Both rules are primarily intended to safeguard client loyalty and confidentiality and to preclude exploitation of public office for private advantage -- values difficult to translate to the context of the prosecutor-defendant relationship. And R-4, which analyzes the propriety of the "Chinese wall" defense under MRPC 1.9 and 1.10, was written in response to an inquiry from a civil litigation firm and therefore fails to address the issue of whether a prosecutor's office constitutes a "firm" for purposes of the imputed disqualification rules.
We believe a prosecutor's office does constitute a "firm" for purposes of the Rules. MRPC 3.8 imposes a special responsibility on the prosecutor as a minister of justice, and therefore it is clear that the prosecutor's office does not lie outside the ambit of ethical constraints. Because the prosecutor has a greater duty of fairness to the opposition than the tort lawyer who was the subject of R-4, a fortiori the strictures of R-4 should apply to the prosector's office.
Having decided that the chief appellate prosecutor is disqualified, and that the lawyer's office is a "firm" within the meaning of the Rules, can disqualification of the entire prosecutor's office be avoided by screening in this instance?
CI-951 addressed whether a part-time judicial clerk could work in any capacity as private counsel in cases pending before that circuit. The Committee not only held that such private employment was improper, but placed the added stricture on the attorney to disclose the disqualification to prospective clients. No exception for "screening" was discussed.
In People v. Doyle, 159 Mich App 632, modified on other grounds, 161 Mich App 743 (1987), the Court of Appeals upheld the trial judge's disqualification of an entire prosecutor's office because the disqualified assistant prosecutor failed to voluntarily withdraw from a case where the prosecutor's personal interest was obvious, and because the tainted lawyer held a supervisory position in the office. In so holding, the Court of Appeals rejected the prosecutor's argument that the appearance of impropriety alone was insufficient to support a disqualification order. The court was concerned with the preservation of public confidence in the impartiality and integrity of the criminal justice system, saying:
"American courts have consistently held that the appearance of impropriety is sufficient to justify disqualification of a prosecuting attorney. Defendant need not prove actual bad faith or unethical conduct on the part of the prosecutor and his staff.
. . . If the assistant prosecuting attorney concerned in the conflict of interest has supervisory authority over other attorneys in the office, or has policy making authority, then recusal of the entire office is likely to be necessary." 159 Mich App 632, 644-645.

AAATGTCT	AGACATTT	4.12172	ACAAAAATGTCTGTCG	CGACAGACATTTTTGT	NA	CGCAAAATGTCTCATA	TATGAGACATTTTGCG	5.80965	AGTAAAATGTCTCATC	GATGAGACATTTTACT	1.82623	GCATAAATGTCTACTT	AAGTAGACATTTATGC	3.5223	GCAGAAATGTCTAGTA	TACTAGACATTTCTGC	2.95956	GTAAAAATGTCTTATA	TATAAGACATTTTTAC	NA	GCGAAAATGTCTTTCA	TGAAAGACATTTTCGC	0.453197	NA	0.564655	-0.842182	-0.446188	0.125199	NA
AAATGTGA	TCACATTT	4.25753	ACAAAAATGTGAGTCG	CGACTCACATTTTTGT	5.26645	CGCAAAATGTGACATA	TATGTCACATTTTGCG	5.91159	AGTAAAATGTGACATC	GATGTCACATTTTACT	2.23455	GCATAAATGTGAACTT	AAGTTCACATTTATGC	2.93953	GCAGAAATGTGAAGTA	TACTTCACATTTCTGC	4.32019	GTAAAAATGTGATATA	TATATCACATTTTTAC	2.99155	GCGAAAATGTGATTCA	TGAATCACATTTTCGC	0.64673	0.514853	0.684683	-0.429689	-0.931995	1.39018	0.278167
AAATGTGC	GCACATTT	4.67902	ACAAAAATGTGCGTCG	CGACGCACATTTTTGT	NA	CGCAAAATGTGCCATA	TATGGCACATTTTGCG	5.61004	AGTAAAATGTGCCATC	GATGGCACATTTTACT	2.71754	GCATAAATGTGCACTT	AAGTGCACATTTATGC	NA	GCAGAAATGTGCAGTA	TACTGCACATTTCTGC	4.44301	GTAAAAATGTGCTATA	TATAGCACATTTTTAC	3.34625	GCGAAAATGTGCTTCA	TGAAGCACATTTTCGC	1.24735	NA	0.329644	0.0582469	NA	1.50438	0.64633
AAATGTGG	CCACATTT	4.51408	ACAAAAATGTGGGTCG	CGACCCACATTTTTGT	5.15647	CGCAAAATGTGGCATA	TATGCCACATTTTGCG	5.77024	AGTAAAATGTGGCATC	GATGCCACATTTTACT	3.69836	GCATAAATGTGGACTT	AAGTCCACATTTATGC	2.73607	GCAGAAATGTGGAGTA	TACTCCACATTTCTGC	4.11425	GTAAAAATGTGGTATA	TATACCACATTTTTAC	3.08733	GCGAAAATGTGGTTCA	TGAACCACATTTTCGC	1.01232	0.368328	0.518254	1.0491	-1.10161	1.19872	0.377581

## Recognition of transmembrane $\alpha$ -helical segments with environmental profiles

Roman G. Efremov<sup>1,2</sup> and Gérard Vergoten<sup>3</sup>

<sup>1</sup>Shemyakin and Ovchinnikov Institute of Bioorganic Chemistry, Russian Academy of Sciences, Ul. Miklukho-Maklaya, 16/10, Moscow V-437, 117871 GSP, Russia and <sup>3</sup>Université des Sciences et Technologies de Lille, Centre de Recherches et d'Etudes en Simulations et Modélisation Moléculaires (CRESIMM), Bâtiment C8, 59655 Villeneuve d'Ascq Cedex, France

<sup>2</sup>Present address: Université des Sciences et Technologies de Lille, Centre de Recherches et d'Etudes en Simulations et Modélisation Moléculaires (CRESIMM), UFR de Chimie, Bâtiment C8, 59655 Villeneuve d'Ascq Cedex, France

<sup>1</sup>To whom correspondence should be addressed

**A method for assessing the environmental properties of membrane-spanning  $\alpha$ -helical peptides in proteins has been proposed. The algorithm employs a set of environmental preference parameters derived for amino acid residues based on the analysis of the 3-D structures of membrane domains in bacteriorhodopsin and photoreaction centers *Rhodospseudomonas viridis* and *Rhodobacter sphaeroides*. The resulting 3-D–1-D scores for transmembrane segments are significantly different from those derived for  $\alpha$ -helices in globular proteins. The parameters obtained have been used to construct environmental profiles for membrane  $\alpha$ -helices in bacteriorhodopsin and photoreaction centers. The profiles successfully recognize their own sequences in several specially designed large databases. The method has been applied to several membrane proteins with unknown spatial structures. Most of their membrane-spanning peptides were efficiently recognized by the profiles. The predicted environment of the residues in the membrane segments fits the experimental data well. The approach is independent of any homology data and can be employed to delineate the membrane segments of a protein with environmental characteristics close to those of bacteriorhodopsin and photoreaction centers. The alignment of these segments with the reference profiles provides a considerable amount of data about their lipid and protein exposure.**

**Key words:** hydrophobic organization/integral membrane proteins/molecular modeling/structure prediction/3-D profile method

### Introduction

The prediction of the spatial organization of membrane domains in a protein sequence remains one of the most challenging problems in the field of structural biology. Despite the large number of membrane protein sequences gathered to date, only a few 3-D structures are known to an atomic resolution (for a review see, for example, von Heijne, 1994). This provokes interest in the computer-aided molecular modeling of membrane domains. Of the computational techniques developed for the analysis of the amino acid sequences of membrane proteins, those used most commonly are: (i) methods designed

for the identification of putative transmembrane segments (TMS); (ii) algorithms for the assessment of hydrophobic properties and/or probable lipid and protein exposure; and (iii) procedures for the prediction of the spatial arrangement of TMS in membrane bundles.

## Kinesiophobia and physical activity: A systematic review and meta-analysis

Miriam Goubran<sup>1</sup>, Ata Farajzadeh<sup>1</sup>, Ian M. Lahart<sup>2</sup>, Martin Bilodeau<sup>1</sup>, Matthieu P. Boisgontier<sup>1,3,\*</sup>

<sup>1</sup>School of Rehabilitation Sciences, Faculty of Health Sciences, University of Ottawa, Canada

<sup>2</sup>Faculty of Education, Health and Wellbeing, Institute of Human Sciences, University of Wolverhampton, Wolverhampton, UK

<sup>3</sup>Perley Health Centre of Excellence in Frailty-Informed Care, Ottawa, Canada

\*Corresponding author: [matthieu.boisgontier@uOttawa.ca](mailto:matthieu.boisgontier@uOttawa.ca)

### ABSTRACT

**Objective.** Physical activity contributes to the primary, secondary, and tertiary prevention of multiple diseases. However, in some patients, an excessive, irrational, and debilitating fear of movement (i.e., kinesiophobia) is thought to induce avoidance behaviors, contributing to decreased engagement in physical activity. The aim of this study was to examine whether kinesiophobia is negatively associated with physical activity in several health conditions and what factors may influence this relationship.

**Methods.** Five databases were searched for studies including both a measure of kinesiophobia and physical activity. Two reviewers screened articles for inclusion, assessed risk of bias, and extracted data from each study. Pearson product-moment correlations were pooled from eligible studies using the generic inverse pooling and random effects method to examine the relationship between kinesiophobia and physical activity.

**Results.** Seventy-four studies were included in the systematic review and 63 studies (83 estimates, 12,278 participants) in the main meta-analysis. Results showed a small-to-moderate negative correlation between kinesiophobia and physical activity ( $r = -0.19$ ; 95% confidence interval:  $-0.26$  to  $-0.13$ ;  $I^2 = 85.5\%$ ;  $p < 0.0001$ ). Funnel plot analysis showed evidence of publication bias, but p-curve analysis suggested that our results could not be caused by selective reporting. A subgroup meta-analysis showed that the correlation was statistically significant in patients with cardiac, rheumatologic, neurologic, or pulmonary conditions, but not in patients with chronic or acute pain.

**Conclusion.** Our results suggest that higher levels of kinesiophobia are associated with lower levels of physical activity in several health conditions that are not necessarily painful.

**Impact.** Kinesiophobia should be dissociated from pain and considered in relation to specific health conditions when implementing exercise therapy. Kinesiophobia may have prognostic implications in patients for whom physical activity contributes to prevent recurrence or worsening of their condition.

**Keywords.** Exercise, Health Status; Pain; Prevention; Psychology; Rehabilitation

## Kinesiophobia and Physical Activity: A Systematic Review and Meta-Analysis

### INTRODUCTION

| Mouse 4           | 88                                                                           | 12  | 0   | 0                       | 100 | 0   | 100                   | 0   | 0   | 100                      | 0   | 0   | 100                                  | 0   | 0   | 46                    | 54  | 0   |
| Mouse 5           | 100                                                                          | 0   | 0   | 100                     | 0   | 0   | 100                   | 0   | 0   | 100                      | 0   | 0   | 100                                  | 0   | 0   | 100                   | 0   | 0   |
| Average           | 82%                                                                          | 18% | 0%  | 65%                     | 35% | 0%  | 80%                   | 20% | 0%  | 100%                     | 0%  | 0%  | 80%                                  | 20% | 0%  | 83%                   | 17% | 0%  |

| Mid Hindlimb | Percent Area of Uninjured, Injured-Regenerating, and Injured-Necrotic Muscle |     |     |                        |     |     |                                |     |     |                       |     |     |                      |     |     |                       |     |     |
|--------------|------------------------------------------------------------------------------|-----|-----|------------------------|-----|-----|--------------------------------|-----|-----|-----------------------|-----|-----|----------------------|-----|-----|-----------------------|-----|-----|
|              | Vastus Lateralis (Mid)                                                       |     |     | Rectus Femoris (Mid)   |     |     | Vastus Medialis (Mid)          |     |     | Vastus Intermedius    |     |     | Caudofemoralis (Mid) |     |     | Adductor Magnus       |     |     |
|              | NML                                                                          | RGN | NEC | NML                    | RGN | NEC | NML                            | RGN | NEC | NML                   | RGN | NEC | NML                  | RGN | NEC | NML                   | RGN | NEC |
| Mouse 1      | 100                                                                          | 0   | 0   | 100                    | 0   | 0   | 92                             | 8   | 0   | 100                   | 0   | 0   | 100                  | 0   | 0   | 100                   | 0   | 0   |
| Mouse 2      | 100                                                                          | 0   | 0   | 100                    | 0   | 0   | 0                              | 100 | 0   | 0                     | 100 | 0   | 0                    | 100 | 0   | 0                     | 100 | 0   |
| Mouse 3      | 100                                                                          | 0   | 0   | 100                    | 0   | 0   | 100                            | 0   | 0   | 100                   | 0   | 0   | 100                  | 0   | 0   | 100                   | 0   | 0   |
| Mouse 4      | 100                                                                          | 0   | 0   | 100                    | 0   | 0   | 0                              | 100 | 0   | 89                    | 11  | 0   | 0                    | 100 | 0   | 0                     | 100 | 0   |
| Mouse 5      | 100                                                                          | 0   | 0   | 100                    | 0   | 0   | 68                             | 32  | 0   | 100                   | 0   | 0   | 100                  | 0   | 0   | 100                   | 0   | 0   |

In U.S. v. Hollister, 746 F2d 420 (CA 8, 1984), a convicted defendant appealed the trial judge's failure to recuse when the prosecutor in the case was the judge's former law clerk who had finished a clerkship just three months prior to becoming involved in the prosecution. The appeals court held that because the record demonstrated an impartial trial, the refusal to disqualify was not a reversible error. Then, in a classic example of obiter dictum, the panel went on to hold:
"We do, however, endorse the principle that a certain insulation period should pass before a judge sits on a case in which his or her former law clerk acts as counsel. Avoiding the appearance of impropriety is as important to developing public confidence in the judiciary as avoiding impropriety itself . . . . We suggest that any district or circuit judge in the Eighth Circuit seriously consider recusal when an attorney who has recently served as law clerk appears as counsel before him or her." 746 F2d 420, 425-426.
The Committee does not believe that such empty "finger-wagging" is consistent with Michigan's approach to the issue. See MCR 2.003(B) and Haggerty v. State Tenure Comm'n, 179 Mich App 117 (1989). The Committee agrees with the prosecutor's testimony at the motion hearing that it "wouldn't be unnatural for other members of the office to solicit advice" from the disqualified chief appellate prosecutor. Nor is it implausible that the trial judge might be unduly influenced by arguments which have been drafted, edited, or reviewed by a respected former employee upon whom the judge has already relied in making rulings in defendant's case. If screening is accepted to avoid disqualification, the screening must be in place when the employee joins the office; this was not done. After the fact screening is inadequate, R-4 and case law cited therein. It also appears that the constraints of MRPC 1.12(b) were not observed in the instant case, i.e.:
"A lawyer serving as a law clerk to a judge . . . may negotiate for employment with a party or attorney involved in the matter in which the clerk is participating personally and substantially, but only after the lawyer has notified the judge . . . ." Emphasis added.
One purpose of requiring a law clerk to notify the judge is to allow the judge to "sanitize" pending proceedings by screening the affected clerk from any further involvement. The clerk was not in fact shielded from participation in defendant's case.
Accordingly, the disqualification of the chief appellate prosecutor necessitates recusal of the entire prosecutor's office from all proceedings involving this defendant before the trial court, because of the disqualified lawyer's personal involvement as a judicial officer at trial, because the lawyer's supervisory position in this particular prosecutor's office realistically precludes screening the lawyer from involvement with defendant's case, because the prophylaxis intended by MRPC 1.12(b) was not applied, and because screening the tainted lawyer after the fact is rejected by R-4.